Ah, the summer slide. It's not your child's playground agenda during their school vacation-- it's a term used for the regression of students' skills over their scholastic summer breaks. And as many schools wind down their academic years this week, StateImpact Ohio's Amy Hansen tells us about an alternative option, along with options parents can use to keep their students engaged.
School summer vacations tend to leave U.S. Secretary of Education Arne Duncan a little bit baffled.
"Students and teachers work so hard, get to a certain point in June, and too many come back in the fall further behind than when they left," said Duncan. "That just simply makes no sense."
Duncan chatted on WCPN's daily call-in show The Sound of Ideas about how much of what students learn slips away during the long summer break.
Research shows many students, especially low-income students, tend to loose math and reading skills over the summer.
Duncan thinks that could be combated by having more time in school then they're getting today.
"If we're serious about ending the cycles of poverty and social failure, the traditional calendar, six, six and a half hours a day, five days a week, nine months a year, is insufficient if we're serious about the traditional is insufficient for some children," said Duncan.
One alternative? Year-round schooling. In education circles they call it a "balanced calendar": students go to school for periods of around 30 to 45 days, intermixed with a handful of two-to-three week breaks. A few schools within the Cleveland Metropolitan School District have already switched to this kind of schedule, and a few more plan to.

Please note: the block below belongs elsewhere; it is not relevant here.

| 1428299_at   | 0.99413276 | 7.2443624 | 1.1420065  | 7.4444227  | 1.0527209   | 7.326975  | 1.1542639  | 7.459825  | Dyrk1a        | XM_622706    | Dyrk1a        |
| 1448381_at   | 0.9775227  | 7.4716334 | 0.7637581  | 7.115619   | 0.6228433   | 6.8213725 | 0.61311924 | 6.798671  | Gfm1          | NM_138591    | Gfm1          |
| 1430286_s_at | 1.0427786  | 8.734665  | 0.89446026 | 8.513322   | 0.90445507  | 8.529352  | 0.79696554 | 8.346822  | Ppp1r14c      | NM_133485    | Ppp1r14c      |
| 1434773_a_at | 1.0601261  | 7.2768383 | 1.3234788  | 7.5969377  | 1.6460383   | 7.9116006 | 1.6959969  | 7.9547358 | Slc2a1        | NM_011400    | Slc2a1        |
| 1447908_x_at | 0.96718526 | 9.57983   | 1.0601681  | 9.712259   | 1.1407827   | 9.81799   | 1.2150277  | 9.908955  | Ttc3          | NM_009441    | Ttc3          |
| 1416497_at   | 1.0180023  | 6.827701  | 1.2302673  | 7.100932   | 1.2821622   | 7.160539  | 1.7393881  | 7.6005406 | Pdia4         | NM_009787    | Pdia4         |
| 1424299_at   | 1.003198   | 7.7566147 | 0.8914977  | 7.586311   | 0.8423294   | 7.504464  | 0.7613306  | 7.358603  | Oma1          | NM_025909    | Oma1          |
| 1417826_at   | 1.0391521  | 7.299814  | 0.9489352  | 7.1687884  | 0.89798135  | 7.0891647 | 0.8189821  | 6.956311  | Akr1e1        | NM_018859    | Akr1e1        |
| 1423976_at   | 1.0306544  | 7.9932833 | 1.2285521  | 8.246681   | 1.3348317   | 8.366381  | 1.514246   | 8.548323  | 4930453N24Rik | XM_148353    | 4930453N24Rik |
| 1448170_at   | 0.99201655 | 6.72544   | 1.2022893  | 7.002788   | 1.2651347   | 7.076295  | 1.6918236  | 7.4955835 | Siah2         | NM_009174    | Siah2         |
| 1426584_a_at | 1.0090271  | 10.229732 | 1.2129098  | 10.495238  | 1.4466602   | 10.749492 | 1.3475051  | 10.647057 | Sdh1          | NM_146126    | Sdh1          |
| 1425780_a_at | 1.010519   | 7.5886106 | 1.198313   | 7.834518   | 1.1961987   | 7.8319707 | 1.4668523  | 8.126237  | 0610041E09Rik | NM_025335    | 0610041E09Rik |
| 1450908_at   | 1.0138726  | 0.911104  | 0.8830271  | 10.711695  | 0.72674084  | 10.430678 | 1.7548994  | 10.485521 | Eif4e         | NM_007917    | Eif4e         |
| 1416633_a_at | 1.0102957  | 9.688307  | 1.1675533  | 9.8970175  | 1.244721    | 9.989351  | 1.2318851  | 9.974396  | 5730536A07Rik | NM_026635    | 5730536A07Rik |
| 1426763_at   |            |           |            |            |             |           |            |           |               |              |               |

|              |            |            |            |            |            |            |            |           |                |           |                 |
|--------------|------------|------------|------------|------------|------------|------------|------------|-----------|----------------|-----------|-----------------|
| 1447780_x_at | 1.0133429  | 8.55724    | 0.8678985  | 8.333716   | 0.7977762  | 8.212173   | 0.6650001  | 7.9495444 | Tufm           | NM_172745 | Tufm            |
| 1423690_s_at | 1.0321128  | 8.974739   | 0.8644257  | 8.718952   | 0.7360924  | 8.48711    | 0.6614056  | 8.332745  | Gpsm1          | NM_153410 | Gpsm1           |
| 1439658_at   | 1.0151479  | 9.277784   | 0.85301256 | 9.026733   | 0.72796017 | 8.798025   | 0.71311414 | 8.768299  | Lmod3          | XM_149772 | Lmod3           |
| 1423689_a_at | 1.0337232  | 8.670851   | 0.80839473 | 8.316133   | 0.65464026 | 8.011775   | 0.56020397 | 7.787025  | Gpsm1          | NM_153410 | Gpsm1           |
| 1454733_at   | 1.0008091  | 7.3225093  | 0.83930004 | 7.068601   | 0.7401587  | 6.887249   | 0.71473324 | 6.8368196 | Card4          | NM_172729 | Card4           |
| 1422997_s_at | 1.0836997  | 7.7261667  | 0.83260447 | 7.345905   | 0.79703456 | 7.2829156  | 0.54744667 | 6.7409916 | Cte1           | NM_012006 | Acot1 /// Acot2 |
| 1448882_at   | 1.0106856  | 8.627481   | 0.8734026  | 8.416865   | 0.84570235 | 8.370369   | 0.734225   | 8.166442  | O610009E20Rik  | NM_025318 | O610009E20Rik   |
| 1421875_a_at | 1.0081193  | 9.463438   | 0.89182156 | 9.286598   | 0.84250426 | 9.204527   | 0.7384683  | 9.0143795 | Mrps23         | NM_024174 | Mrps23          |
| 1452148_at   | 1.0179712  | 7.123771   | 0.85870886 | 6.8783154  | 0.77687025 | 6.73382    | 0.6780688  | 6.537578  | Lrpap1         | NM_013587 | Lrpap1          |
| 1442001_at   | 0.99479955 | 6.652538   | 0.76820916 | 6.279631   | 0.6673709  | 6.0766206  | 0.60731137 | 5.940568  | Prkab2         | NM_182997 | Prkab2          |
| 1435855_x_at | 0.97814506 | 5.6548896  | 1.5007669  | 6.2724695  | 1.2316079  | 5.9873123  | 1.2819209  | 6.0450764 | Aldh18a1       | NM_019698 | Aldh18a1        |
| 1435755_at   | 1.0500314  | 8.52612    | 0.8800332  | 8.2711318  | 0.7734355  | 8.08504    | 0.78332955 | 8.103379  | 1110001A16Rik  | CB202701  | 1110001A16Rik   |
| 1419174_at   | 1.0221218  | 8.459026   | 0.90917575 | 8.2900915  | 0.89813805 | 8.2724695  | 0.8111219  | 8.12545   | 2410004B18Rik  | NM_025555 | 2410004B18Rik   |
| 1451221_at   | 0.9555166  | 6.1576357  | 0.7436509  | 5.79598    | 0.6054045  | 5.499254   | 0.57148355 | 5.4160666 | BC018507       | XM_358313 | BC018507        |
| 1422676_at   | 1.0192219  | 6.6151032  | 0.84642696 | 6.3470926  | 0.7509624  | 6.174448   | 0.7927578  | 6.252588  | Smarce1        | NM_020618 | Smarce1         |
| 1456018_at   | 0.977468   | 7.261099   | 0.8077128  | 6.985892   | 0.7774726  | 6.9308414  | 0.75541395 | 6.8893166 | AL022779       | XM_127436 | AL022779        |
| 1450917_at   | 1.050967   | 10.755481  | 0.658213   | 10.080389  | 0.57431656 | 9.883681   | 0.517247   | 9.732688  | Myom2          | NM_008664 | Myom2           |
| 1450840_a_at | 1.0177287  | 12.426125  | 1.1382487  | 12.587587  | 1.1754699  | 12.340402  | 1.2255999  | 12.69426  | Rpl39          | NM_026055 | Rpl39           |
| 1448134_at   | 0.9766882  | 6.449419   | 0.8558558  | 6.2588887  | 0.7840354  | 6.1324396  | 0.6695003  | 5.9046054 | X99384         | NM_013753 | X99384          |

Sarah Pitcock, CEO of the National Summer Learning Association, says the idea that year round school is the solution to summer learning loss is questionable. She points to an Ohio State study on the balanced calendar to make her case.
"Kids lost the same amount of learning over the course of the year over a balanced calendar, it's just they lose it in smaller pieces," Pitcock said. "I think our response to that approach is you still have to think about those intercessions, and the question is really, how can you add more time for the kids who need it most."
The discussion also focused on ways to make the time out of the classroom count.
Education Secretary Duncan stressed the responsibility of parents finding ways to keep their kids engaged during school breaks.
And that was echoed in this email from a listener, read on the air by Sound of Ideas host Mike McIntyre.
"Parents can take advantage of summer reading programs offered by most public libraries during the summer months," McIntyre read. "Parents should especially encourage their tween and teen children to participate in these programs, this is when reading really drops off."
Parents were encouraged to check out partners in their communities, like libraries or other organizations, that may offer some educational summer programming to keep students learning over school breaks.